Nascar--Fast Ads

Delta Winds cover 1998Delta Winds: A Magazine of Student Essays
A Publication of San Joaquin Delta College


Nascar--Fast Ads

Lynette Kniss

It's a bright sunny day in Talledega. The spectators are gathered to see their favorite drivers make it to "Victory Circle." The excitement in the air can be felt by all. They hold their breaths waiting for the famous words, "Gentlemen Start Your Engines." The cars fire up and the smell of Unical 76 mixes with the aroma of Nathan's Hot Dogs. The roar from the Fords, Chevrolets, and Pontiacs stand the crowd on their feet. It's the start of the Winston 500.

Motor sports offer a fresh alternative to advertising. In addition to using the traditional billboards, magazines, and commercials, they offer a unique way to advertise. They use ads in the name of the race, on trailers, programs, cars, and even on the driver. Let's start by taking a walk through the parking lot. You will see a huge display of colorful flags. The flags fly from trailers with logos, such as McDonald's, DuPont, and Tide. Inside the trailers people sell hats, shirts, toy cars that look like your favorite cars, and much more. Sometimes, the driver is there to give an autograph. The driver endorsing a product with a signature can make the company and himself up to 40 million dollars a year.

After making it past the trailers, you'll go through the ticket line while someone is yelling, "Programs! Get Your Programs Here!" You purchase the 10 dollar program in hopes of learning a little more about your driver. You find your seat and begin to look at your program. On the cover you will see the name of the race, some of the co-sponsors, and last year's winner, Rusty Wallace, who is sponsored by Miller Lite. The next page is a full-page advertisement for Winston cigarettes. After going through several more pages of ads, you finally get to the main reason you bought the program.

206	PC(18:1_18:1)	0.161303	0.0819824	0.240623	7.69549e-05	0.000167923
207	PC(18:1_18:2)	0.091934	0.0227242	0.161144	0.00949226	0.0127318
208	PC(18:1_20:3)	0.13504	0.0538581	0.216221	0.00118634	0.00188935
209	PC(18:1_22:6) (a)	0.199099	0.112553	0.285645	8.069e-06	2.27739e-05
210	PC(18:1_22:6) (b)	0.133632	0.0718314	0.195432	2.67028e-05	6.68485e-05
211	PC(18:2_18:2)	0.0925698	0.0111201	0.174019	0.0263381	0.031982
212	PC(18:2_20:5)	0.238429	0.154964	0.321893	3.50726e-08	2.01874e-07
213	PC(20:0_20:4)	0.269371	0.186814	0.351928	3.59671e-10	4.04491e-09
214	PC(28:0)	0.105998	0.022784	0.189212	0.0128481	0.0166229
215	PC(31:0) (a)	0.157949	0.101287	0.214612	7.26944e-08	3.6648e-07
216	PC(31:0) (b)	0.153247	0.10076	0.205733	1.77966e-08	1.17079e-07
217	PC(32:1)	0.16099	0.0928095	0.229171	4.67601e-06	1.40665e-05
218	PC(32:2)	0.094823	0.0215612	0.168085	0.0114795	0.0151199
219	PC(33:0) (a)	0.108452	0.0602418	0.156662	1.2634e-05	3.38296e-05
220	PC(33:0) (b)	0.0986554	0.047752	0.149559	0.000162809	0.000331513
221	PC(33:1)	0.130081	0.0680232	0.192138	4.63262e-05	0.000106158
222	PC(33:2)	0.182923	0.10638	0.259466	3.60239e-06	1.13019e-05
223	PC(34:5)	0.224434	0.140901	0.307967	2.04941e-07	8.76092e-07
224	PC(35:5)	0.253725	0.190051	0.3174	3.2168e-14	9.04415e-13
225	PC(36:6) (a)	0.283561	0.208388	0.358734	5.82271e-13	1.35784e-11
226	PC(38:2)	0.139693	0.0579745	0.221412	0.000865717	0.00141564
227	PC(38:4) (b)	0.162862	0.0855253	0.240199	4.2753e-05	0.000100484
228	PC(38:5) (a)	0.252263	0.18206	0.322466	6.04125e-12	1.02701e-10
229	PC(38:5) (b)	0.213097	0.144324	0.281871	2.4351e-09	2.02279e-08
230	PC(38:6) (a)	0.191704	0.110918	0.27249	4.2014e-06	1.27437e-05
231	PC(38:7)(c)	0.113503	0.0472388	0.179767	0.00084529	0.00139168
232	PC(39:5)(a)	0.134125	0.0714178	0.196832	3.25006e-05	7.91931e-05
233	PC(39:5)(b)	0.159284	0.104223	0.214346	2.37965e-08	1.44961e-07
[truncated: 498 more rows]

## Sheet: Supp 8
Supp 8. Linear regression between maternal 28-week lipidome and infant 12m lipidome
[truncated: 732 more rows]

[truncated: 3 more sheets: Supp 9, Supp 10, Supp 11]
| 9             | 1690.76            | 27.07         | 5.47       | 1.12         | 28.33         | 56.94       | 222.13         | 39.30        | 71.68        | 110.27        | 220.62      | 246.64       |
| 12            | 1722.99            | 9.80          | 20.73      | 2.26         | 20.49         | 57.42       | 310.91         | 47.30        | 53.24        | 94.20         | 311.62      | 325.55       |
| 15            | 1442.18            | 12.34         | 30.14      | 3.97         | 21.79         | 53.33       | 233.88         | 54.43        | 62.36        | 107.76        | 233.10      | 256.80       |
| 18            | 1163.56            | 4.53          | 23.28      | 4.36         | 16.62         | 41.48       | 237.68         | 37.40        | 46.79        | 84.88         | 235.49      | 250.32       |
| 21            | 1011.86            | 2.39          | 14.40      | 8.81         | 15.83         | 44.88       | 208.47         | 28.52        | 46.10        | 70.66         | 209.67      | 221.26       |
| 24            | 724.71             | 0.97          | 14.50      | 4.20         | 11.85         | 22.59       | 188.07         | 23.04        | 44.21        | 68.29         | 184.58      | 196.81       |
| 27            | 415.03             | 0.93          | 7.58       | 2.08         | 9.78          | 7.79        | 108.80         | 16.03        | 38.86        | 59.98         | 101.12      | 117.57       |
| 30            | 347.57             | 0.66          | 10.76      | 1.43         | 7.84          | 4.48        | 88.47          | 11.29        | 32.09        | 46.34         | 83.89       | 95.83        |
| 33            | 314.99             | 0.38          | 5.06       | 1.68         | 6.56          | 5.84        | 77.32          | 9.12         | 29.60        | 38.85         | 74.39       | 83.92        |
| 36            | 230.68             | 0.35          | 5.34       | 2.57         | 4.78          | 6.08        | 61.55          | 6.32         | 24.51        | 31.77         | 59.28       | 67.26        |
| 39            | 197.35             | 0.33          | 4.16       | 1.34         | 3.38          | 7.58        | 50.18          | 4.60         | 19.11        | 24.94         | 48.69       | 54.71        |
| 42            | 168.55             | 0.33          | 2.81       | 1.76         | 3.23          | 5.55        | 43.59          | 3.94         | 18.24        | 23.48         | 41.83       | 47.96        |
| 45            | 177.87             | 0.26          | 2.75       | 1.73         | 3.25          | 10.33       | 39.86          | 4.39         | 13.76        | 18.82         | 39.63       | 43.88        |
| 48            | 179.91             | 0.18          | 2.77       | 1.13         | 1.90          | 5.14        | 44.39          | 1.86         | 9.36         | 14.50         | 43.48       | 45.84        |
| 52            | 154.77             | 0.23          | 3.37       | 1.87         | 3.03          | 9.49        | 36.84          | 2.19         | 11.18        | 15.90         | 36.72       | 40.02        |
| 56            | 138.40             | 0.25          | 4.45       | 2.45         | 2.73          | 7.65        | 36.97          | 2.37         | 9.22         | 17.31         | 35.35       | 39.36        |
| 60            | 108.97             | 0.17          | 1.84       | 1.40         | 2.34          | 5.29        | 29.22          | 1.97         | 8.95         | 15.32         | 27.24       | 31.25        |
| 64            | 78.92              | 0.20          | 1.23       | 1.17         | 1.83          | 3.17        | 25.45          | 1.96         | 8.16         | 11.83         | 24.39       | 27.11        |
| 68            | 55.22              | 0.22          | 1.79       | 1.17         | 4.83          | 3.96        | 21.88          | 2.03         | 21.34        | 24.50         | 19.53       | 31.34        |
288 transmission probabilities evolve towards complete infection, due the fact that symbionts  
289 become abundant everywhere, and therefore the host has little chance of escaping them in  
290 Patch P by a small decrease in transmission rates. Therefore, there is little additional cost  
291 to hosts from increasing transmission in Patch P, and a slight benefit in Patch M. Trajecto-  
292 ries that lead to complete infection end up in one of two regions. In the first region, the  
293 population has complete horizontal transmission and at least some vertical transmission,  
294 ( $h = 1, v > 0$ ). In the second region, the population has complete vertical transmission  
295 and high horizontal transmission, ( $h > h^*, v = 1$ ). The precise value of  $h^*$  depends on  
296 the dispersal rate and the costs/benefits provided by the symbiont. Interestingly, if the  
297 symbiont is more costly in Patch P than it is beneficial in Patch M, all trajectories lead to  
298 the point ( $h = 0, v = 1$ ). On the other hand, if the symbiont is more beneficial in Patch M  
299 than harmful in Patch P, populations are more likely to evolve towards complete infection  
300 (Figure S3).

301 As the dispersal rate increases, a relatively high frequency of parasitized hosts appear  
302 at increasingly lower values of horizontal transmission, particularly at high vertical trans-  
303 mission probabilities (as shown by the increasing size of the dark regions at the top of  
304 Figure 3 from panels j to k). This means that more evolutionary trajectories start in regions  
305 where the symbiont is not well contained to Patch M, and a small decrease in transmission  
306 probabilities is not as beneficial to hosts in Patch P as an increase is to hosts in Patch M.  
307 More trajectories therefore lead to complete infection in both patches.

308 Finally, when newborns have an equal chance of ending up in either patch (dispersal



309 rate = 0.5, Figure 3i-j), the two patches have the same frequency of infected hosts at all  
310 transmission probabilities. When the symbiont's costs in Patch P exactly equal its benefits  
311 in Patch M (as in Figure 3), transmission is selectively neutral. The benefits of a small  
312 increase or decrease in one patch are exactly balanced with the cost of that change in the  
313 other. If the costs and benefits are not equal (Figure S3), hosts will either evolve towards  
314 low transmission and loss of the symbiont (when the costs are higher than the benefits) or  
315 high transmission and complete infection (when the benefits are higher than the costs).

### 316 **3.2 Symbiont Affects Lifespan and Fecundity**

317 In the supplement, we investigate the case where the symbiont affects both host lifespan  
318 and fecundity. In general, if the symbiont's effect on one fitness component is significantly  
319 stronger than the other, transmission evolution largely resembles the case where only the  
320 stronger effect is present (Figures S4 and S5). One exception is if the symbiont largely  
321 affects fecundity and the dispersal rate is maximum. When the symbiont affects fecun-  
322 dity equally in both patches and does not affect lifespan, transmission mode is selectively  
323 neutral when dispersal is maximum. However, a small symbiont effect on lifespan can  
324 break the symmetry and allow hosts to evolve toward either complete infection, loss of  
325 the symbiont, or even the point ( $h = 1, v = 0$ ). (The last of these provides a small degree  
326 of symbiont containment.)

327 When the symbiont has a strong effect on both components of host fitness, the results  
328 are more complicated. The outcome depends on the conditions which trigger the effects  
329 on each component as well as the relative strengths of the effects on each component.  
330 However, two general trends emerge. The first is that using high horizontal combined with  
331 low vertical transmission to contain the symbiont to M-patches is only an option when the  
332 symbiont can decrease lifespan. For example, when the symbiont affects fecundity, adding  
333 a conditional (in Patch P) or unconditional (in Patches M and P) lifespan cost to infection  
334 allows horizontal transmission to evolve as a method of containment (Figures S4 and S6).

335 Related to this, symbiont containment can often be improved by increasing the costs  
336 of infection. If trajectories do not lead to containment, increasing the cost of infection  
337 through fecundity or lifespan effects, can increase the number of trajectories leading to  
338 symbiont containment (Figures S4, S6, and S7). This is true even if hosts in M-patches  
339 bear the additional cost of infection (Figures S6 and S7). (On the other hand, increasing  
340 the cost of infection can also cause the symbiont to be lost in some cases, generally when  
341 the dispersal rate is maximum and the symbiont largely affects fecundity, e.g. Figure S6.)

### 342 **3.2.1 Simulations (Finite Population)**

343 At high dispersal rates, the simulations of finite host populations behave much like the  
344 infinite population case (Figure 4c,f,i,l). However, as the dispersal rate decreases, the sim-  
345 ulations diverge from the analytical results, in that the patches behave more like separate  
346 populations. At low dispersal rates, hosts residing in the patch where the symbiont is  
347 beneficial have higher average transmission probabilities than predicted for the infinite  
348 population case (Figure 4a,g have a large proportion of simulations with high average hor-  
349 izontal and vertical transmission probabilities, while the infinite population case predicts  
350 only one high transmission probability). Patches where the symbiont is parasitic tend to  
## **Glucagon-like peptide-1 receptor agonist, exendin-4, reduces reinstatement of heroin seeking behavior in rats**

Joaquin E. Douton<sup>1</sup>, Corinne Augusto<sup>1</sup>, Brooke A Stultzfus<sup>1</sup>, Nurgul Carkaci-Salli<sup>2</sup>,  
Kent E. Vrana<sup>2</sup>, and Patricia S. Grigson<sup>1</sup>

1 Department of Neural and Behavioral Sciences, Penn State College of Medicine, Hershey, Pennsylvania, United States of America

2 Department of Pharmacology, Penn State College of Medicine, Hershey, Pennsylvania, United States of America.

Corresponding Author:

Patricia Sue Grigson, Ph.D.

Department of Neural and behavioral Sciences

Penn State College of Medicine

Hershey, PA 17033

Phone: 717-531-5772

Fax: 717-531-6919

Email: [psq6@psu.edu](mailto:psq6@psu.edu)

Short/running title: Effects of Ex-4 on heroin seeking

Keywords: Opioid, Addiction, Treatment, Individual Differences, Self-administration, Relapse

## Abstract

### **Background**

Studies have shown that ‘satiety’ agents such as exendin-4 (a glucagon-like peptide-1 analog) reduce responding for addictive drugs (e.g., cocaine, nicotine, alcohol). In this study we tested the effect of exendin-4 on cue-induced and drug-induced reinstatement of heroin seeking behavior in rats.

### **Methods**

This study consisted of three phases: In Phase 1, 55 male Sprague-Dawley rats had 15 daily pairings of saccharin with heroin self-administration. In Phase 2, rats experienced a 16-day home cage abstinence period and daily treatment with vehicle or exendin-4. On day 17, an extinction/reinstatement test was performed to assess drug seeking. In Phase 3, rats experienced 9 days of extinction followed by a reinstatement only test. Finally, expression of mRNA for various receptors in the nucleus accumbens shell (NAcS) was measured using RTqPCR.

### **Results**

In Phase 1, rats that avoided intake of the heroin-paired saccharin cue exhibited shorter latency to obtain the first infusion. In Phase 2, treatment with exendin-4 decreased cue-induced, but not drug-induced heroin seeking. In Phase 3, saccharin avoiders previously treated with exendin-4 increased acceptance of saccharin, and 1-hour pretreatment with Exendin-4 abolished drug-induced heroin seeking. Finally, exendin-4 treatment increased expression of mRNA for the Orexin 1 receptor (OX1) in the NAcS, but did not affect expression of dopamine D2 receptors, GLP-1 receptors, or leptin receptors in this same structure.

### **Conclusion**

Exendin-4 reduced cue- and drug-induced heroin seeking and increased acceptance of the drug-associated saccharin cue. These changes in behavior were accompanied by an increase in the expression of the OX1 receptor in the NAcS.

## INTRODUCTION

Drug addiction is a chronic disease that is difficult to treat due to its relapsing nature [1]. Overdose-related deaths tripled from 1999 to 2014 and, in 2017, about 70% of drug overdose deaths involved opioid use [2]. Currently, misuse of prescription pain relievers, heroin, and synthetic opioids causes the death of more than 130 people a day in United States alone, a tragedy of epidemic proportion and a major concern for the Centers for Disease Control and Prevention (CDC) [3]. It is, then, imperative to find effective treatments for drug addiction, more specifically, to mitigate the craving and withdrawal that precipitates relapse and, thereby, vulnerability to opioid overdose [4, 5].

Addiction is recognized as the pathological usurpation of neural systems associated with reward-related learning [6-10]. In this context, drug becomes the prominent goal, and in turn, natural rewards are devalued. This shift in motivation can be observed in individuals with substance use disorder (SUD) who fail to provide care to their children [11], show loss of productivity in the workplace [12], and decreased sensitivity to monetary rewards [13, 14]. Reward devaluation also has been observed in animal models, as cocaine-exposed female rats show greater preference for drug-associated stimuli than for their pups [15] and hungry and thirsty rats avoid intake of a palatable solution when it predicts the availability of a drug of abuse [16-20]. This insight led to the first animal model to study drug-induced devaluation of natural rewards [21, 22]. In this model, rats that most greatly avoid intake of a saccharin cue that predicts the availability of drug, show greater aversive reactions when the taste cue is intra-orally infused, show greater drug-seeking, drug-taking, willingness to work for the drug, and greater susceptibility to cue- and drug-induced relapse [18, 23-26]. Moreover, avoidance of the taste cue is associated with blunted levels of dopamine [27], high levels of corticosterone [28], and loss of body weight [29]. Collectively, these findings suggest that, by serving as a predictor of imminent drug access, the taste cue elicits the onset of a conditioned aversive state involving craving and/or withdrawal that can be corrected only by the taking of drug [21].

Your reading is interrupted by an announcer welcoming you to the race sponsored by Winston and Havoline Motor Oil, "The Official Oil of Nascar." It's time to meet the drivers. The drivers walk out, receiving rounds of applause and wearing suits matching the paint jobs on their cars. Rusty Wallace is wearing a navy blue and white jumper with Miller Lite printed down both arms and across his chest. He also has an assortment of patches on the front of his suit, such as Bosch Spark Plugs, Mobil 1, and Penske Motor Sports. These patches represent the associate sponsors for Rusty this year.

After the introductions, the drivers get into their cars and drive to the front of the grandstands. Rusty's car is blue and white with Miller Lite across the hood. The hood generally will display the name of the sponsor who contributes the most money to the driver and his team. A series of stickers, placed from the front bumper to the edge of the door, line the sides of the car and are known as direct money sponsorships. For example, if Gatorade puts their sticker on the car and it is leading the race at the halfway point, the driver will receive a 10,000 dollar bonus. If that driver continues on to win the race, he will receive an additional 50,000 dollar bonus. The other sponsor stickers have similar deals so both the driver and sponsor benefit from the exposure.

Now, motor sports is a billion dollar industry. The name of the race is just the beginning of the advertisements for sponsors. There are 33 races a year with names such as the Coca Cola 600, Goody's Headache Powder 500, AC Delco 400, and Save Mart-Kragen 300. The number behind the name represents the amount of miles in the race. The average race is 3 to 5 hours long and there are 50,000 to 125,000 spectators who show up for a race and an average of 1,000,000 more who watch it from home. That alone brings about 3 million dollars a year to both driver and sponsors. I guess you could say that advertising with Nascar gets you more mileage for your dollars.